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Joseph Roth's March into History

Joseph Roth's March into History: From the Early Novels to Radetzkymarsch and Die Kapuzinergruft

Kati Tonkin
Volume: 25
Copyright Date: 2008
Published by: Boydell and Brewer,
Pages: 236
https://www.jstor.org/stable/10.7722/j.ctt81vxh
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  • Book Info
    Joseph Roth's March into History
    Book Description:

    Joseph Roth was one of the most significant German-language writers of the interwar period, yet few major studies of his work have been published in English. Kati Tonkin's monograph spans Roth's novelistic career, challenging thewidely held assumption tha

    eISBN: 978-1-57113-801-9
    Subjects: Language & Literature

Table of Contents

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  1. Front Matter
    (pp. i-iv)
  2. Table of Contents
    (pp. v-vi)
  3. Acknowledgments
    (pp. vii-viii)
    K. T.
  4. Note on References and Abbreviations
    (pp. ix-xii)
  5. Introduction
    (pp. 1-15)

    Critics have never been able to reconcile Roth’s early writing with his most famous novel, Radetzkymarsch, and its sequel Die Kapuzinergruft. According to the widely accepted periodic-thematic divisions of Roth’s work, the early fiction is grouped under the rubric “socialist” and the later works are interpreted as manifestations of the idealizing nostalgia of an alcoholic monarchist with a decreasing grip on reality.¹ This categorization can be traced back to Roth’s friend Hermann Kesten, who published the first collection of Roth’s works in 1956:

    In den fünfzehn Jahren, da er Bücher veröffentlichte, ward Roth aus einem skeptischen, zuweilen pessimistischen Moralisten ein...

  6. 1: “Hinter dem Zaun”: Identity and Ideology
    (pp. 16-45)

    Since the rediscovery of Roth’s early work, critics have identified two seemingly antithetical points of view in his novels and hence have had to grapple with the problem of how to explain the differences. The most common response has been to point to a deep sense of personal crisis due to which Roth took flight from an increasingly unbearable reality from the late 1920s. Most recently, John Heath has drawn a parallel between Radetzkymarsch, which he reads as “symptomatic of its author’s lamenting the loss of order in postwar confusion” and Roth’s life, which he calls “episodic, a nomadic journey...

  7. 2: “Die Welt ist irrsinnig”: The Early Novels:Das Spinnennetz, Hotel Savoy, Die Rebellion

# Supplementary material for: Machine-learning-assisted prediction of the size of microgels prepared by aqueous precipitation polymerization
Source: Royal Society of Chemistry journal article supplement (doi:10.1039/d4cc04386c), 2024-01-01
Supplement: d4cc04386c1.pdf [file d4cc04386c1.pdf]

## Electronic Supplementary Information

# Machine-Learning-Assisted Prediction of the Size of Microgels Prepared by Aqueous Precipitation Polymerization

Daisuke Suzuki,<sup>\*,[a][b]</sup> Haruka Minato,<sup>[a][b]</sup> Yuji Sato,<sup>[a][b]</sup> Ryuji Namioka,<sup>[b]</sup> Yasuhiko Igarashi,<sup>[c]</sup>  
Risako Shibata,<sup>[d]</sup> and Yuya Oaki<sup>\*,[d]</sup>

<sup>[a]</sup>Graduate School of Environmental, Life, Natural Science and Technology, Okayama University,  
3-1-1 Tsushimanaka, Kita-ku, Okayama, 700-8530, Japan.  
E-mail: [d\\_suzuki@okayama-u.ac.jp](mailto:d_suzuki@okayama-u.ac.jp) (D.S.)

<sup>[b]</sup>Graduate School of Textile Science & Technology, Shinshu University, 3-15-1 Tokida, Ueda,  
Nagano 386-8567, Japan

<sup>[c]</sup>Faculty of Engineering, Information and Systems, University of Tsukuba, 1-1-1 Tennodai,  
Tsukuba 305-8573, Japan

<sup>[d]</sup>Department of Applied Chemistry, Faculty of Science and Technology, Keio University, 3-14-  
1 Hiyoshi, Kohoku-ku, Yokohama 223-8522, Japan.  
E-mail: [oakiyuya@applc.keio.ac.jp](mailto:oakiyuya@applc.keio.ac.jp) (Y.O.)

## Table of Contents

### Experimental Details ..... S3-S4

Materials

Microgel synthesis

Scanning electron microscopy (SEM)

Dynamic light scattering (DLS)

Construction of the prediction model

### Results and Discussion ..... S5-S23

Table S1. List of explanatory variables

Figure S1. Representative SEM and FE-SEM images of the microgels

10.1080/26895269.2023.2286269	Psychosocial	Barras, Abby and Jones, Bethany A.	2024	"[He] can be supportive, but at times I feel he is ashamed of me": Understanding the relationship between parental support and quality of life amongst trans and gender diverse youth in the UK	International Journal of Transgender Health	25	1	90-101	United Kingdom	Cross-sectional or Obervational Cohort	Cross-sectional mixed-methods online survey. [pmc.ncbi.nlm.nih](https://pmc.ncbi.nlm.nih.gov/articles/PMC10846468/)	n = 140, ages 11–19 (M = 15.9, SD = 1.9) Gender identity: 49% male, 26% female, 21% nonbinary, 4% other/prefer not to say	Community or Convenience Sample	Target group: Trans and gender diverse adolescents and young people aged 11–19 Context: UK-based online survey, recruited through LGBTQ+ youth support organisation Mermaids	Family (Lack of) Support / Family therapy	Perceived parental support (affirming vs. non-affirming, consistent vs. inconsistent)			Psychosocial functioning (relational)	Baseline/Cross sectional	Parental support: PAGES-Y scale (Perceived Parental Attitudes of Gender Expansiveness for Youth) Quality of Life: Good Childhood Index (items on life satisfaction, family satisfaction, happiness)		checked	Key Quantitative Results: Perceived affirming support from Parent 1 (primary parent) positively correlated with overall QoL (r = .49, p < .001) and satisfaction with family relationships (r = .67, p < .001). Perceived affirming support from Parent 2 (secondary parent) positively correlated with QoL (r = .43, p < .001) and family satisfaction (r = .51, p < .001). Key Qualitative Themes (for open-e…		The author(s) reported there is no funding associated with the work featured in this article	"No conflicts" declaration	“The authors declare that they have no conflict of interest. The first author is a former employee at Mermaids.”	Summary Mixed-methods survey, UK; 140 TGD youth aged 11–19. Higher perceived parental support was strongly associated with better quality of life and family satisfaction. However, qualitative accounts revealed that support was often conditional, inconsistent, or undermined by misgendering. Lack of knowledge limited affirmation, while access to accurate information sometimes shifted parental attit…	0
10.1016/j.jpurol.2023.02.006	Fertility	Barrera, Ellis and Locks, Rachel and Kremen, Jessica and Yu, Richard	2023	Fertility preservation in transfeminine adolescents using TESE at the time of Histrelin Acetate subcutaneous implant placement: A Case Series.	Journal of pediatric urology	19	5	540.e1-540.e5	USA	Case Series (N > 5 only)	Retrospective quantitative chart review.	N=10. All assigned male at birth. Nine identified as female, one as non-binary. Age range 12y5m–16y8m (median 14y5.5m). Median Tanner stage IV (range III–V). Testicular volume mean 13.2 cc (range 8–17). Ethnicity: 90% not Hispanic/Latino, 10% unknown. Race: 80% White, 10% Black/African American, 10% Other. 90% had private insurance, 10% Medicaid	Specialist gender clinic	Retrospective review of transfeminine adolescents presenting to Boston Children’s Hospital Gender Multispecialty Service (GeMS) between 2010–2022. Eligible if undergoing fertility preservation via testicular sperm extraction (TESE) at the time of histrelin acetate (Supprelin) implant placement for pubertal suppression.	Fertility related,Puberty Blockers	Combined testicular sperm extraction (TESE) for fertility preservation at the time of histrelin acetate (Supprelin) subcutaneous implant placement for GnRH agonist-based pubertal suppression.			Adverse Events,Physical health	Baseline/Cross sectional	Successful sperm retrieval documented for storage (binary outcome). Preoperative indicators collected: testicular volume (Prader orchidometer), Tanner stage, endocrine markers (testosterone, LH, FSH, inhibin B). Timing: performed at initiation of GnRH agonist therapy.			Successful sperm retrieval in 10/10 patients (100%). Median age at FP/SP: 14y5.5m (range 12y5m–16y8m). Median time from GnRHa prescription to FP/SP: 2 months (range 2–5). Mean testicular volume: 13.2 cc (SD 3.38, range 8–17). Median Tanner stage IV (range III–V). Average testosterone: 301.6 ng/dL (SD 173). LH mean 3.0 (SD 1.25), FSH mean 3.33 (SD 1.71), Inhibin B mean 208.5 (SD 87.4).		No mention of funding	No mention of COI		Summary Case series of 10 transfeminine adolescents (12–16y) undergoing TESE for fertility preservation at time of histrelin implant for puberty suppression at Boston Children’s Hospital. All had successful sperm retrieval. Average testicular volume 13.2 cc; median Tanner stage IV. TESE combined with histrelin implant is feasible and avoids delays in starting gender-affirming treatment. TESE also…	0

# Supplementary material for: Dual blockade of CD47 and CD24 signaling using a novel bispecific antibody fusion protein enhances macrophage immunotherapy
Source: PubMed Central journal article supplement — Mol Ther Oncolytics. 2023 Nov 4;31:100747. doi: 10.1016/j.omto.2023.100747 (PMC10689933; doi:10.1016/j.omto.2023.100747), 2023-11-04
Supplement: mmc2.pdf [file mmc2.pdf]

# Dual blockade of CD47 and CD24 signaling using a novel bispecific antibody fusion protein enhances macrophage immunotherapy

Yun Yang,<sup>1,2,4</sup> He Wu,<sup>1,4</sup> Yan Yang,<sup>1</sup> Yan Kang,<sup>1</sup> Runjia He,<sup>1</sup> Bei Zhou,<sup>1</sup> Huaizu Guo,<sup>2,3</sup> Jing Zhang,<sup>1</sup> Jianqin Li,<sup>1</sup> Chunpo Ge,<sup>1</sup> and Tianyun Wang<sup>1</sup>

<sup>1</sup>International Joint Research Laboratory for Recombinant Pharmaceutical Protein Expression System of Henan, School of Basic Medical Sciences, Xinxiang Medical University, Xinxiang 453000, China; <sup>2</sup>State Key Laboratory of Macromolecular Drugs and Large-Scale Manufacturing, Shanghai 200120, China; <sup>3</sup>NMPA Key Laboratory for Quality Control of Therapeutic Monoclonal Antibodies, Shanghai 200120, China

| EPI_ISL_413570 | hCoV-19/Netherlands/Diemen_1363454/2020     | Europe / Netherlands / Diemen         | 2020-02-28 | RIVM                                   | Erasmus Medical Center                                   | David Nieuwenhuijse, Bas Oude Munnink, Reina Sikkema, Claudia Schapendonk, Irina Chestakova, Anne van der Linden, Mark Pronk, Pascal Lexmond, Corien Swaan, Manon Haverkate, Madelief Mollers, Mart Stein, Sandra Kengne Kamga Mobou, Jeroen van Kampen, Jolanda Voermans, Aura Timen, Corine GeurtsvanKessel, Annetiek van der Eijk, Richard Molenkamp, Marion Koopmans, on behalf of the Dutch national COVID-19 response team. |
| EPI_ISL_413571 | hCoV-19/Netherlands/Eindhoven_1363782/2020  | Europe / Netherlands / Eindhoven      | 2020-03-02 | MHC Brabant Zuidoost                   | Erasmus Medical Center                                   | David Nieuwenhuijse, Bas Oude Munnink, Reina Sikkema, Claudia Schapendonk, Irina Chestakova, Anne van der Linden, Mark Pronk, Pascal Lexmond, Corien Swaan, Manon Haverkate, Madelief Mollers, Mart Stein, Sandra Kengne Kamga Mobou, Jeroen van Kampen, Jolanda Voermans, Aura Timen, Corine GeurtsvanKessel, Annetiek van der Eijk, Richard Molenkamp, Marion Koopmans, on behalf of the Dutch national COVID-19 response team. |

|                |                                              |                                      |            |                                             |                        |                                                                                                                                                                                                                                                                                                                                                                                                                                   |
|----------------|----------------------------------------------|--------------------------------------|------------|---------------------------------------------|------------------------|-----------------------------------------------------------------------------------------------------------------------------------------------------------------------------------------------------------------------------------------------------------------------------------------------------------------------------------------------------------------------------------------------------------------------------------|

(pp. 46-102)

    When Roth returned to Vienna after the war in December 1918, it was to a place in which everything seemed radically altered. Vienna had suffered little physical damage in the war, but in both material and spiritual terms it was a vastly different place from the prewar Imperial capital: “auch ihre Seele schien verworren und krank nach den langen Kriegsjahren und dem chirurgischen Eingriff, der ihr die territorialen Glieder abgeschnitten hatte” (RB, 193). Newspaper headlines sounded an almost constant alarm with reports of strikes, rapid inflation, and coal and food shortages.² At this time Roth was just embarking on what...

  8. 3: “. . . in Wahrheit . . . umgewandelte Realität”: Radetzkymarsch as Historical Novel
    (pp. 103-166)

    1930 is generally held to mark Roth’s final break from a critical engagement with the problems of the present and his turn to an escapist recreation of the lost worlds of the Habsburg Empire and the shtetl. In the same year as he published Hiob and began work on Radetzkymarsch (RB, 392), Roth penned a lengthy critical essay on the relationship between form and content in narrative: “Schluß mit der ‘Neuen Sachlichkeit’!” This essay is a diatribe against the literary movement Neue Sachlichkeit, which Roth considers responsible for the poverty of writing in contemporary German. Roth “rejects the then widely...

  9. 4: “Ein Mann sucht sein Vaterland”?: Die Kapuzinergruft and the Confrontation with History
    (pp. 167-196)

    Not long after completing Radetzkymarsch Roth is reported to have declared: “Der Leutnant Trotta, der bin ich” (RB, 398). This curious statement implies a congruence between Carl Joseph’s fate and that of his creator that is perhaps not immediately apparent. Although Carl Joseph is not Jewish, his family’s progression from Slovene peasants to “Österreicher, Diener und Beamte der Habsburger”² puts him in a comparable position to Roth, the assimilated German-speaking Jew from the empire’s periphery whose maternal grandfather was an Orthodox Jew (RB, 40): each has an assimilated Habsburg identity that is three generations old, and each is estranged from...

  10. Conclusion
    (pp. 197-202)

    In 1935 Roth published Die Büste des Kaisers, a short novella that has been cited as evidence of the writer’s increasingly desperate “Wirklichkeitsleugnung”¹ in the wake of Hitler’s ascent to power in Germany. It has been described as painting “ein von Trauer überschattetes Bild einer goldenen Vergangenheit”² and as “a tale of unconditional praise for the Habsburg monarchy.”³ The oft-quoted description of the protagonist Count Morstin on the opening page of the novella as “einer der edelsten und reinsten Typen des Österreichers schlechthin, das heißt also: ein übernationaler Mensch und also ein Adeliger echter Art” (5:655) certainly lends itself to...

  11. Selected Works by Joseph Roth
    (pp. 203-204)
  12. Works Cited
    (pp. 205-216)
  13. Index
    (pp. 217-224)
  14. Back Matter
    (pp. 225-225)